Douglas Carswell Wins Election for UKIP in Clacton

Douglas Carswell Wins Election for UKIP in Clacton

Douglas Carswell became the United Kingdom Independence Party’s first MP this morning after the results for the Clacton by-election were counted. He secured an emphatic victory over his Tory rival with 59.6% of the votes and an increased majority of 12,404. The Liberal Democrats saw a collapse in support from 5,577 to 483. In a related result, the Labour stronghold of Heywood and Middleton almost fell to UKIP as well – Labour eventually pulling through by a mere 617 votes. Both results have caused considerable anxieties among the Conservative and Labour Parties. Tim Akers, UKIP’s Head of Policy, said, “There are no safe seats for the other political parties now. UKIP are coming to get you.”

 

Nigel Farage commented on the Clacton victory:

“Tomorrow I will be told it’s all a protest vote. This is not a protest vote. It’s people who want real change.”

“For me, I think this is a more important night for me and Ukip than winning the European elections. And the added bonus is you won’t be able to call us a one man band any more. We are ripping lumps out of the old Labour vote in the north of England. The truth of what has happened in the North today is that if you are anywhere north of Birmingham, if you vote Conservative you get Labour…. And the reason we haven’t won up there, despite a fantastic campaign, is that too many people have stuck with the Conservatives, not recognising that Ukip is now the challenger to Labour in every urban seat in the north of England.”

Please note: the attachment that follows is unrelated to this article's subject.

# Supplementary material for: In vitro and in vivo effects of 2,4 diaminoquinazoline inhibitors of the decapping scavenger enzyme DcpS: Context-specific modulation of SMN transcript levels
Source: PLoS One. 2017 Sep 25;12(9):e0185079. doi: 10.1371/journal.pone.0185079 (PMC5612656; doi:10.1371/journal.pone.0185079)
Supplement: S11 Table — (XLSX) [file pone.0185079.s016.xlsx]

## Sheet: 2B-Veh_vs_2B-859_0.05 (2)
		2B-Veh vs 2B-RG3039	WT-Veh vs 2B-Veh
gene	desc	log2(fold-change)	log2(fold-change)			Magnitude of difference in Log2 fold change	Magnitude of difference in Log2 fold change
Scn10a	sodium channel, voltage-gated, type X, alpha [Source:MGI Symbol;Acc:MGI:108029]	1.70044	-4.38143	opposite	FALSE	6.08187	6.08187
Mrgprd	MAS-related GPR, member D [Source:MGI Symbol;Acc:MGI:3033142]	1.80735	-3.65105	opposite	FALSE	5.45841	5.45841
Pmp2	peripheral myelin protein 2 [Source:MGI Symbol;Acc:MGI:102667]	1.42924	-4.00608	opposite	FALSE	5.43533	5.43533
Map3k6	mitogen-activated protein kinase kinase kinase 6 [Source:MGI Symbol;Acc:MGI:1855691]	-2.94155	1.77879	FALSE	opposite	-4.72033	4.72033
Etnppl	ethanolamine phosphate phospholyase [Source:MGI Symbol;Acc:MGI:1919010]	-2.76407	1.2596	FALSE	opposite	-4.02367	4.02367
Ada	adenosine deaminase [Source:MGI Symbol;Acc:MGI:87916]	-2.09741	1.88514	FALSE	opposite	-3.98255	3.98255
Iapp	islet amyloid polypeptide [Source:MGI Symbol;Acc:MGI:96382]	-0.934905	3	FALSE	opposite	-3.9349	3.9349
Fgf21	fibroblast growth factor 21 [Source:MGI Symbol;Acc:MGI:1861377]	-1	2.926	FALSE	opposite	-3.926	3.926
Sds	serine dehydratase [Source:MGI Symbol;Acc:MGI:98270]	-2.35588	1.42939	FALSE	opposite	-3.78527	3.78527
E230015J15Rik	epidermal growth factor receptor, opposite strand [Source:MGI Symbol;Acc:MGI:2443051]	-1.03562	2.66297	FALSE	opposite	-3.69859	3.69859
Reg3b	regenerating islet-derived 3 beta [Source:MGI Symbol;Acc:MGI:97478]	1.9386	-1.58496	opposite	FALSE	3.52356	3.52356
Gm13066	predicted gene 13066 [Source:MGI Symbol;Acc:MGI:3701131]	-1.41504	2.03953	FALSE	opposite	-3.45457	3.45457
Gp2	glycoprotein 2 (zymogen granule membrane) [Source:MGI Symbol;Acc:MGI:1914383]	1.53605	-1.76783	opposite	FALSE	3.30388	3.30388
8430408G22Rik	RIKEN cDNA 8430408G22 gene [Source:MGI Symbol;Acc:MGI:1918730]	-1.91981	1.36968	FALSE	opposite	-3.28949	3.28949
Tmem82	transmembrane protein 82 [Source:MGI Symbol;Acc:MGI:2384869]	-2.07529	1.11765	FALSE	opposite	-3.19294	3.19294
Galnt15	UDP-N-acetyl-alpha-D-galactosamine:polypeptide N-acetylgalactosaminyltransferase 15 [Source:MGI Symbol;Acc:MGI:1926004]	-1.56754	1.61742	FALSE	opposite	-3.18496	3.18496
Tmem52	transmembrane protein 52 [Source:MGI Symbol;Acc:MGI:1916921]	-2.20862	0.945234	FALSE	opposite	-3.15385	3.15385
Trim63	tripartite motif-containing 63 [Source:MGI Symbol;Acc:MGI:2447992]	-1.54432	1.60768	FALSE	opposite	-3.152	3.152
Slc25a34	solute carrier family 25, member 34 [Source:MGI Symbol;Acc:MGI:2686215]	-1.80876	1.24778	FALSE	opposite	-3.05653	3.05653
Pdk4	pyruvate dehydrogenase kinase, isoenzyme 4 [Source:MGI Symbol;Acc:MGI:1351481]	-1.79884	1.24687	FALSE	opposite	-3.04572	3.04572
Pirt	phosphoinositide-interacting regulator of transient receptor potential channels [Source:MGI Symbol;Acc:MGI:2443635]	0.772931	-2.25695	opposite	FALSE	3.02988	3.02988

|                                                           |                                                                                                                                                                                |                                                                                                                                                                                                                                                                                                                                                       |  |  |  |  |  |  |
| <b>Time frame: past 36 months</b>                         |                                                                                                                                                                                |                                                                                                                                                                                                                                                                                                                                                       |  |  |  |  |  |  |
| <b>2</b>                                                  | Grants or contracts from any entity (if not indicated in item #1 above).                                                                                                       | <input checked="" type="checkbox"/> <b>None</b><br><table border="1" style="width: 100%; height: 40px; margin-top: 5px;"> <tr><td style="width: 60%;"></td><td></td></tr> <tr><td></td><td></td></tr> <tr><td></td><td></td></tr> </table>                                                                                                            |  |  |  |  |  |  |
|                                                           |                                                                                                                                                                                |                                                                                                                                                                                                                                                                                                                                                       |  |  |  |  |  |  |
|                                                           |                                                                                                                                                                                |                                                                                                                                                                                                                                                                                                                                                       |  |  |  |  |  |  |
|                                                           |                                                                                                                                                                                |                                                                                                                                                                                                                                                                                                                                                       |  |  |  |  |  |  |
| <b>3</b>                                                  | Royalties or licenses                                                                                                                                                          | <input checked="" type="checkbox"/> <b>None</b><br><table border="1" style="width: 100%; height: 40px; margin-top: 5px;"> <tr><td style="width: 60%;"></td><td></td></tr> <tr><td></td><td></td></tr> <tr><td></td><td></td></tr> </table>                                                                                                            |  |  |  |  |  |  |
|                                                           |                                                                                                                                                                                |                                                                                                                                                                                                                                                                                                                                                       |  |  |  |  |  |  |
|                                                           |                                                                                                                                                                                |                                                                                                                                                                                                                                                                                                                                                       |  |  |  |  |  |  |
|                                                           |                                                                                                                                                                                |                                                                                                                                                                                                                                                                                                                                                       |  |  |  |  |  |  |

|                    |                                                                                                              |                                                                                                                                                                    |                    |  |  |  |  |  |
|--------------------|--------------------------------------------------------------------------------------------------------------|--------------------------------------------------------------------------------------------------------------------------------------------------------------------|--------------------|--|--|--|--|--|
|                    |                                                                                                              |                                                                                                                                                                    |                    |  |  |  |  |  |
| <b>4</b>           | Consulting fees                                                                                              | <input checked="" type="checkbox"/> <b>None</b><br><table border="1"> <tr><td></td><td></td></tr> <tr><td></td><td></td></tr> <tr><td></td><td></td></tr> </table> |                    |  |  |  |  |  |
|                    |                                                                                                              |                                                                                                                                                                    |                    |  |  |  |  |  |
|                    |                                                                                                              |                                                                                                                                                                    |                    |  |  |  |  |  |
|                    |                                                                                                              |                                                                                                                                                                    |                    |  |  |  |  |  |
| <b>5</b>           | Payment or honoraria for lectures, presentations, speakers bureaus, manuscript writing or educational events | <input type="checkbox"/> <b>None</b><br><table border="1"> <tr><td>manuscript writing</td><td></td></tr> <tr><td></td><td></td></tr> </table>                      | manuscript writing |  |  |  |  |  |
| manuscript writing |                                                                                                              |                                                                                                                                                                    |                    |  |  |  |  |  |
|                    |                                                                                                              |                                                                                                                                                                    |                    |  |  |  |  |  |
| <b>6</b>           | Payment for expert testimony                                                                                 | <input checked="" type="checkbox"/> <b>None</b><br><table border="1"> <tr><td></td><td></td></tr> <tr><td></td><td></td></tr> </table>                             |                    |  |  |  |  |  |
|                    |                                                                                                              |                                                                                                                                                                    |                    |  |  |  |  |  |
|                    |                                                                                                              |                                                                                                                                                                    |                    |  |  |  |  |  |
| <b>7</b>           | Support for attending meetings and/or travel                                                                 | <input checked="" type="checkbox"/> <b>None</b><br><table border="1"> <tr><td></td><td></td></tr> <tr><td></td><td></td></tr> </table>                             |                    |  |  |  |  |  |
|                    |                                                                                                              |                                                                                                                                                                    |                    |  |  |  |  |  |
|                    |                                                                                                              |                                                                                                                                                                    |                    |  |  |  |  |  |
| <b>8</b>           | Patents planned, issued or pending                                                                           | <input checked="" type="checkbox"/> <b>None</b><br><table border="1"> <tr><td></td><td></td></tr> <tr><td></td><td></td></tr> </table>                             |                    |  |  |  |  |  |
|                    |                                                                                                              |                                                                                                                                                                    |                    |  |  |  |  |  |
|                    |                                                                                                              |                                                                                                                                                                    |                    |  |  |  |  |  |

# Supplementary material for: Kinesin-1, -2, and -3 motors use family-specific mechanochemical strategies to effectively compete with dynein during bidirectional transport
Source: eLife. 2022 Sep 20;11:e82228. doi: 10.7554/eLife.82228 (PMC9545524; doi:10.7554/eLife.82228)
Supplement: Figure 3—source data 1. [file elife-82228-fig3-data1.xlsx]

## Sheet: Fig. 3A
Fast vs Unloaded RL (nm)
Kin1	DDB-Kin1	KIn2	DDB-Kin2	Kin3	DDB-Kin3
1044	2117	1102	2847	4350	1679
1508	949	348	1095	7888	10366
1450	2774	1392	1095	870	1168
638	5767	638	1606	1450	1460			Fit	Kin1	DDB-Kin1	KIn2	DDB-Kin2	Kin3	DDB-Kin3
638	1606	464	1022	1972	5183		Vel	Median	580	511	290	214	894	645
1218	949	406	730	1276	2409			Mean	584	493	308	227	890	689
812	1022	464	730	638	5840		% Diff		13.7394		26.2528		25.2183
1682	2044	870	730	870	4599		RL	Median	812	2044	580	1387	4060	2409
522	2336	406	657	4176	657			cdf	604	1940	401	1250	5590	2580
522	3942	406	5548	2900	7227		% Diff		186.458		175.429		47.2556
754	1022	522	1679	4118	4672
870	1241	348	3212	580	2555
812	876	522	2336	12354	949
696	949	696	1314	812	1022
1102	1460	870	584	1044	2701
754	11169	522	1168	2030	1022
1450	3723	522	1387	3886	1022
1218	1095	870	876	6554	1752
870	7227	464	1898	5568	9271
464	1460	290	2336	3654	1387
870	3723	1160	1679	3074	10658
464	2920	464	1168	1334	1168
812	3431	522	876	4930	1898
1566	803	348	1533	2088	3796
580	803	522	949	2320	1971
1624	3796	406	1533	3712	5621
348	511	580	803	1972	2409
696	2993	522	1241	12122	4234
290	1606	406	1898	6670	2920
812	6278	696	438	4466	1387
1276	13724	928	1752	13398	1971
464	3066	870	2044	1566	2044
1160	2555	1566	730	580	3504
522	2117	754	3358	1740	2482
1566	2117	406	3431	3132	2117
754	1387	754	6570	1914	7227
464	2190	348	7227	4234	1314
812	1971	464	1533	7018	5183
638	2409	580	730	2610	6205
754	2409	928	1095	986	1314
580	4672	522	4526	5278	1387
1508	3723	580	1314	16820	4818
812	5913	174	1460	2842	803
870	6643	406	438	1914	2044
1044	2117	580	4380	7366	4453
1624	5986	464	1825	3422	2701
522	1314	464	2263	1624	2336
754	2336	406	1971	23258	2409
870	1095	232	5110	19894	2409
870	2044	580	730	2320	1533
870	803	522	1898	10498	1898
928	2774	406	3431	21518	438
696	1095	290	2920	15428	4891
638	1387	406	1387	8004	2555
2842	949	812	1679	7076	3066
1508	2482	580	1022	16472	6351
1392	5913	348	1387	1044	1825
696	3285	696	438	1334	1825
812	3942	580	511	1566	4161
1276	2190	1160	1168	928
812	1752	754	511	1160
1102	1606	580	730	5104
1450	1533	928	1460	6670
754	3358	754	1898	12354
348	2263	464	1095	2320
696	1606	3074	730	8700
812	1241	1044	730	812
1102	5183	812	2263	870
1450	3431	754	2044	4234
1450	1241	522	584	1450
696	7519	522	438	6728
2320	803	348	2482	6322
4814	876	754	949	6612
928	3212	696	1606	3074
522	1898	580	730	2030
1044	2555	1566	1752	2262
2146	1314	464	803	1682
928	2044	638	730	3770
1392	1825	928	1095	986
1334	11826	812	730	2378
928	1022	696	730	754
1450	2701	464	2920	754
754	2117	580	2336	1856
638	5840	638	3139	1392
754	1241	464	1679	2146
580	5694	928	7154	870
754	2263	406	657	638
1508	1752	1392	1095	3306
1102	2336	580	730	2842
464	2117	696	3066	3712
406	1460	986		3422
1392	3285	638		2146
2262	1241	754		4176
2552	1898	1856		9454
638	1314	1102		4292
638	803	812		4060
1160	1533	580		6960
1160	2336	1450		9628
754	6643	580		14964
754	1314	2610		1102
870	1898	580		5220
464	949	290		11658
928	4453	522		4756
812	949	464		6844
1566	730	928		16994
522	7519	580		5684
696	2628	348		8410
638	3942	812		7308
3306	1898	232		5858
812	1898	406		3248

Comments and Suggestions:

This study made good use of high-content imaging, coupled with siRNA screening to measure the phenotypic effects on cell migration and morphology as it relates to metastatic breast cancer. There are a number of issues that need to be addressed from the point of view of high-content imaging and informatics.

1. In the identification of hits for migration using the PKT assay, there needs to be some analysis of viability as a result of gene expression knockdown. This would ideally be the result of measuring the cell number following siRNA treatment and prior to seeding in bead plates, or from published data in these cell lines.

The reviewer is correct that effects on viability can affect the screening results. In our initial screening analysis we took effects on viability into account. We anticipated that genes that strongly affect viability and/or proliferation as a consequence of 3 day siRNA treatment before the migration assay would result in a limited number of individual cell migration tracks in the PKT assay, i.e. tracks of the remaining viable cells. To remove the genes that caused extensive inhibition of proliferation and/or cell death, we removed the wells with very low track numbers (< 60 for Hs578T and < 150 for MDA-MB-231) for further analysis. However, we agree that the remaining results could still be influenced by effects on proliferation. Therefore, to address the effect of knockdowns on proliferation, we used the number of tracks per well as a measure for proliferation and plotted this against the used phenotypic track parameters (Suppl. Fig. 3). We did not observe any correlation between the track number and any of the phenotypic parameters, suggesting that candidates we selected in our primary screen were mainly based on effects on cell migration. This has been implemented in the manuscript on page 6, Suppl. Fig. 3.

Douglas Carswell made a short speech following the result:

“To my new party, I offer these thoughts. Humility when we win. Modesty when we are proved right. If we speak with passion let it be tempered with compassion. Let us be a party for all Britain – and all Britons, first and second generation as much as any other. Our strength must be our breadth. If we stay true to that there is nothing we cannot achieve.”

 

With a General Election only seven months away, the political landscape now appears to be fundamentally altered. Senior figures in both the Labour and Conservative Parties have issued warnings that to win next May they need to implement drastic changes to policy and communicate more effectively with the electorate.